Building rubble with plaster

Building rubble with plaster

Source: BAM

Gypsum is widely used in the construction sector, and its worldwide consumption has been increasing for several decades. This is mainly due to its excellent building material properties: gypsum can be used in a variety of ways in new constructions and also in the building refurbishment. In addition to its use as an additive in cement production, gypsum products are mainly installed as interior fittings. In Germany, mostly the production of gypsum boards, especially plasterboards, has increased the gypsum consumption. Depending on the service life of the respective gypsum products, the proportion of gypsum in construction and demolition waste is increasing with a time lag as well.

In the past few years, more than half of the gypsum demand in Germany was covered by the use of so-called FGD gypsum (FGD stands for flue gas desulphurisation), which is produced when cleaning the exhaust gas from coal-fired power plants. In the course of the turnaround in energy policy in Germany, it is planned to gradually switch off the coal-fired power plants. This eliminates an important part of the gypsum supply. In view of this development and the simultaneous developments towards a circular economy, the recycling of gypsum waste is gaining in importance. However, the use of recycled gypsum only makes sense if it is environmentally friendly and economically feasible.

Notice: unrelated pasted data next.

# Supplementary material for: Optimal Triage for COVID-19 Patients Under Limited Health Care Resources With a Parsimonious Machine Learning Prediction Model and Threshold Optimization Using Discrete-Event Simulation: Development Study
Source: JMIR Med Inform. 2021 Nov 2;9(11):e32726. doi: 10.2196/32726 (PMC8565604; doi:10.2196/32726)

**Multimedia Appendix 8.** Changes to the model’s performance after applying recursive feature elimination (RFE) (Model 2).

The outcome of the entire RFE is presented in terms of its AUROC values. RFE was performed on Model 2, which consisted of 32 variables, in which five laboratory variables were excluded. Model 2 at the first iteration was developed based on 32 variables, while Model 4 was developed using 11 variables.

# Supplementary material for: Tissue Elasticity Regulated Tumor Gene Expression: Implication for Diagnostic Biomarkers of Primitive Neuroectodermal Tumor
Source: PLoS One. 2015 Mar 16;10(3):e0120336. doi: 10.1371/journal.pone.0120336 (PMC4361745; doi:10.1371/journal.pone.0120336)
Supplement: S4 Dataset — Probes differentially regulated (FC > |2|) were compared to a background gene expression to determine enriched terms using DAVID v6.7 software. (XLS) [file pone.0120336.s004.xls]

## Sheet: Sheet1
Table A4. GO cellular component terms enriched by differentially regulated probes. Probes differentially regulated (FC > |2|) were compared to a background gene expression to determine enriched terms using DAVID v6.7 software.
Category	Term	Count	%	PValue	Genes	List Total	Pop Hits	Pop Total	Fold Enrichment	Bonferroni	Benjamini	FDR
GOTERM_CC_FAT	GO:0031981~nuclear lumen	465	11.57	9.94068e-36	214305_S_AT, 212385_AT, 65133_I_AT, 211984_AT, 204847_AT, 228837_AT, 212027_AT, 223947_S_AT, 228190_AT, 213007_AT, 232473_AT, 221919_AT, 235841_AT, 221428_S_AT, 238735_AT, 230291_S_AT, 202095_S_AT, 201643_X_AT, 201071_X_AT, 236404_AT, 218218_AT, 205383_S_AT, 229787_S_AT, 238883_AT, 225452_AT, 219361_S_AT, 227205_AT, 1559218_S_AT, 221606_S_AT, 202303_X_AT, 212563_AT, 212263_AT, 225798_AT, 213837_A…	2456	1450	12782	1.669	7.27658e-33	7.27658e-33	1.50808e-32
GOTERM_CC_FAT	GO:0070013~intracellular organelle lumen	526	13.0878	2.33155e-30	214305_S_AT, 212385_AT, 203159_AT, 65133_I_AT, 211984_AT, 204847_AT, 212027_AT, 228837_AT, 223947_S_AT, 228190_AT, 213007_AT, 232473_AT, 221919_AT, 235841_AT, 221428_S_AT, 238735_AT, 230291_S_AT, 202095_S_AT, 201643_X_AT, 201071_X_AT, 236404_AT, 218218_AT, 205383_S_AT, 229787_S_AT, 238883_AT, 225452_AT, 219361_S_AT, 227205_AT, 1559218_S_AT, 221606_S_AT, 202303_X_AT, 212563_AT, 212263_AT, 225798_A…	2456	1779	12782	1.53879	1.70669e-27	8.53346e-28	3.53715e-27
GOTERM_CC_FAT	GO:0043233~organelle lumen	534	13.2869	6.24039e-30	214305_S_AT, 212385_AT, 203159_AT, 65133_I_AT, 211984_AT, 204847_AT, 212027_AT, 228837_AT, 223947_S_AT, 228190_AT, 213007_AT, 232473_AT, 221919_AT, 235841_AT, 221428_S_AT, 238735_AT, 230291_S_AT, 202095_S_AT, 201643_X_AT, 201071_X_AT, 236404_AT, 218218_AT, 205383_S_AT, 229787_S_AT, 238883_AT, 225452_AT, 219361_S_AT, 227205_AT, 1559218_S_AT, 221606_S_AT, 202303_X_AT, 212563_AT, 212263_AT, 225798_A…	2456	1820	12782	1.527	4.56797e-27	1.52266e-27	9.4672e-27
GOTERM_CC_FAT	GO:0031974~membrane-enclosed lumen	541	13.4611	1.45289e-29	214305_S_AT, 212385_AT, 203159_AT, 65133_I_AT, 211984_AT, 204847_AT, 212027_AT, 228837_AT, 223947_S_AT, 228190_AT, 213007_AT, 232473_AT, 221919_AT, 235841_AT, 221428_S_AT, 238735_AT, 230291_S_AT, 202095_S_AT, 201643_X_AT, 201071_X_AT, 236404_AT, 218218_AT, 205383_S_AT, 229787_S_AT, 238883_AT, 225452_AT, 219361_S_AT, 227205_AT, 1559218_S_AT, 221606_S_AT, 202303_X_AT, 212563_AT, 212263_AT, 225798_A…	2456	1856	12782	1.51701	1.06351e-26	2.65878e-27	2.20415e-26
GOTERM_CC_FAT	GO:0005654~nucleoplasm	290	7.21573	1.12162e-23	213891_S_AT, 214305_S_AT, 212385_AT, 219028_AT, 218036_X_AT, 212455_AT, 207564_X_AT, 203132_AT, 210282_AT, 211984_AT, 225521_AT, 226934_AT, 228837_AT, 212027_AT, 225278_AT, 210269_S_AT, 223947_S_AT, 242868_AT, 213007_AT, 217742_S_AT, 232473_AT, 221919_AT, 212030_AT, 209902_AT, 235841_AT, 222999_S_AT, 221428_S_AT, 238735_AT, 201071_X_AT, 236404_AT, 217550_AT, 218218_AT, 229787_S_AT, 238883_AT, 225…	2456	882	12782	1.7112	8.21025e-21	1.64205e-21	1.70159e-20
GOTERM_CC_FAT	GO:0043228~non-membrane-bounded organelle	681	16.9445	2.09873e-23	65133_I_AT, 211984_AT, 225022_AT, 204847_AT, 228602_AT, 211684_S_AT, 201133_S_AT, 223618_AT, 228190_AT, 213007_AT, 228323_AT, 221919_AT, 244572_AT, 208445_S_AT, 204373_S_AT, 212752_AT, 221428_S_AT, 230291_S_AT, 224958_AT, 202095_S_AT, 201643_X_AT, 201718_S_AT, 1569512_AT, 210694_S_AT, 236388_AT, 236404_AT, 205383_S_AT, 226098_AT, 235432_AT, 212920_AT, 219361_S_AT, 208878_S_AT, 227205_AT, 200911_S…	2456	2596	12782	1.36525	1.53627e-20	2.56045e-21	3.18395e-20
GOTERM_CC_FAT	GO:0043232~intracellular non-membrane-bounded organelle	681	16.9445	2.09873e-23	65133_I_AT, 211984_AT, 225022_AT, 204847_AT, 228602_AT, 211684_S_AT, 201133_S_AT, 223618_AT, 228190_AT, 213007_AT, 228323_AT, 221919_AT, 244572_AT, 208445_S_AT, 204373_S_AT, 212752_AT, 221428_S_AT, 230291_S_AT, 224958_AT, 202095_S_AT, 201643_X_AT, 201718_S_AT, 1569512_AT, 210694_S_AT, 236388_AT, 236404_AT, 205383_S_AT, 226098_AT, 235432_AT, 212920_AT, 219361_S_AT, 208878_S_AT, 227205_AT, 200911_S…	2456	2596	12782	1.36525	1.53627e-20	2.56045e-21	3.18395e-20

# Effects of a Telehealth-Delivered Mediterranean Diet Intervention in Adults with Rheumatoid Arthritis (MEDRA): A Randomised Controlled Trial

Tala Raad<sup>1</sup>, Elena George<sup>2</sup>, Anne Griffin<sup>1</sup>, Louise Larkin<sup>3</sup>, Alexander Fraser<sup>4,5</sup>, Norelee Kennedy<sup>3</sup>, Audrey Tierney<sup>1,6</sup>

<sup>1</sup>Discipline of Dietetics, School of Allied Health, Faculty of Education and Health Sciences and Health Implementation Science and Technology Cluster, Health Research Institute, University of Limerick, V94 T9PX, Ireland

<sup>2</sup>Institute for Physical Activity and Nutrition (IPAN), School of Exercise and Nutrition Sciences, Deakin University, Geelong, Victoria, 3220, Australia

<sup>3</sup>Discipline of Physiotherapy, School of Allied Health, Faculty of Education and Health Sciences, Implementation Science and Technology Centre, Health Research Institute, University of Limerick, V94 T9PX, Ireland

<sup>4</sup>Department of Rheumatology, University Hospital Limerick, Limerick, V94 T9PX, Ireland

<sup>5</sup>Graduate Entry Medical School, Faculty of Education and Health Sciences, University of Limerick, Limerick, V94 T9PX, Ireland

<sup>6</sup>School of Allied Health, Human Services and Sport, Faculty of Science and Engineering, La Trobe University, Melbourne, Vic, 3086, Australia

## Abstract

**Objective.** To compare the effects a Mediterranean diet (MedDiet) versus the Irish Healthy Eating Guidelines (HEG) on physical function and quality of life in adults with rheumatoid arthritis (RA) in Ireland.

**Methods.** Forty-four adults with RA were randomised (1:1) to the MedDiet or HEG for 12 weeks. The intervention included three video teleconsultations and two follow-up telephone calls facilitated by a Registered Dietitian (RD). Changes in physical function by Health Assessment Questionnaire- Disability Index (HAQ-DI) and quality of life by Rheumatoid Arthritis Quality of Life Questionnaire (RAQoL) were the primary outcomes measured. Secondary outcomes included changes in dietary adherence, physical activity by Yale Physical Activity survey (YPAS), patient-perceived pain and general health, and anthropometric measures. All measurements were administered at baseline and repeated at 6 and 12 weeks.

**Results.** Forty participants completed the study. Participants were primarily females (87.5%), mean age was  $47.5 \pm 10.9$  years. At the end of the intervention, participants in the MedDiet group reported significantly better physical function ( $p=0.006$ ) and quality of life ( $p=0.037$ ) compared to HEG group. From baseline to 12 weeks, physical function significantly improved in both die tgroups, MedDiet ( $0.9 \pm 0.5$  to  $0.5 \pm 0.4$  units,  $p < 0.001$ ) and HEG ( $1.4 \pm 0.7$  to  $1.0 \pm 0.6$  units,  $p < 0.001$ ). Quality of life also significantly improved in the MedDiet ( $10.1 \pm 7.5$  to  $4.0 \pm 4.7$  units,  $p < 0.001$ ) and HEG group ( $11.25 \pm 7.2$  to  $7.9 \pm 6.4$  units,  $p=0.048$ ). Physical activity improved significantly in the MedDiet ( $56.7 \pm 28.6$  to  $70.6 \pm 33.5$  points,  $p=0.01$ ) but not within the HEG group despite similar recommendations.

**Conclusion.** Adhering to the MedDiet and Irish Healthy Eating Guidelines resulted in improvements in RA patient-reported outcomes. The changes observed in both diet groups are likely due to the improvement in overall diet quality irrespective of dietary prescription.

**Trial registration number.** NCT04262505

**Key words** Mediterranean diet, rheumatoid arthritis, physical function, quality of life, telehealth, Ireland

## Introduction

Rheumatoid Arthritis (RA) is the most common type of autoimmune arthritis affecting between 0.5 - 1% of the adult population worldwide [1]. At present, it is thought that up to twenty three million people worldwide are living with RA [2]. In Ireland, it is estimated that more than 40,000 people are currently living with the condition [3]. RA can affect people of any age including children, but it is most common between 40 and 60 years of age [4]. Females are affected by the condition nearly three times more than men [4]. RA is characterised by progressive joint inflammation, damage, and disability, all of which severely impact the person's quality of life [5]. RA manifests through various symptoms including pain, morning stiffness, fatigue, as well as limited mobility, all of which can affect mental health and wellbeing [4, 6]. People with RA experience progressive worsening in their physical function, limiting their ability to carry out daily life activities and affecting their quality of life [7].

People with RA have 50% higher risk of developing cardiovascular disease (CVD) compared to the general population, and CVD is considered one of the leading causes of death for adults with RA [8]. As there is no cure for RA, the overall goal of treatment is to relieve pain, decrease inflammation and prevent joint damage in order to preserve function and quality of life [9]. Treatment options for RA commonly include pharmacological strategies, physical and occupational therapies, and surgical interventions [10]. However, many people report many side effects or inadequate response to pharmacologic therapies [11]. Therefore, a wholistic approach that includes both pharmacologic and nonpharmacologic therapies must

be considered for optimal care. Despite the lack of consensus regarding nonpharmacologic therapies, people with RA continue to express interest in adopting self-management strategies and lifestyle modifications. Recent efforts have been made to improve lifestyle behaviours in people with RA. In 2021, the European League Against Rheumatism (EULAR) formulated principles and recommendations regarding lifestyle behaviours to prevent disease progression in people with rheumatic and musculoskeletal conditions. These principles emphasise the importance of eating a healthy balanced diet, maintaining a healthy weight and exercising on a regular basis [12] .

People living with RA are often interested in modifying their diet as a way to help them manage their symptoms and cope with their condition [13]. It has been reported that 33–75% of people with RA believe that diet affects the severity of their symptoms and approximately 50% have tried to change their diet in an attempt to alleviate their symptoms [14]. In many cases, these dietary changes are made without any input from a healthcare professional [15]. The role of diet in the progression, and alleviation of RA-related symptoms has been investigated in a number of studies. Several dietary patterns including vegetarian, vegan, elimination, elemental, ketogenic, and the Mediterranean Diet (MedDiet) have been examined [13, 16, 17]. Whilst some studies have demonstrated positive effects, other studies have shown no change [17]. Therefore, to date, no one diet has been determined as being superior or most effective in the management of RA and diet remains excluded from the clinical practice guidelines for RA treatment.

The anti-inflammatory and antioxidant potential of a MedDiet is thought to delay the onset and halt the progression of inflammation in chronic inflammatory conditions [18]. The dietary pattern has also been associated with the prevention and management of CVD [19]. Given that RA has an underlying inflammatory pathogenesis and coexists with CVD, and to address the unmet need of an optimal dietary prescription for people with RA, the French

Against this background, an ecological assessment of the recycling of plasterboard was carried out. Based on data from the industrial processing of end-of-life gypsum plasterboards into recycled gypsum, various relevant environmental impacts (e.g. land consumption, climate change) were calculated and compared with the environmental impacts from the mining of natural gypsum and the provision of FGD gypsum from coal-fired power plants. Original data provided by the industry for the recycling process as well as supplementary data from a database for life cycle assessments were used for the calculations. The analyses showed that – depending on the respective assessment framework (e.g. the different transport distances) – the recycling of gypsum plasterboards can be ecologically advantageous in various environmental aspects compared to natural and FGD gypsum extraction.

Environmental Evaluation of Gypsum Plasterboard Recycling
Karin Weimann, Christian Adam, M. Buchert, J. Sutter
published in Minerals, Vol. 11 Issue 2, S. 201 ff., 2021
BAM, Division Thermochemical Residues Treatment and Resource Recovery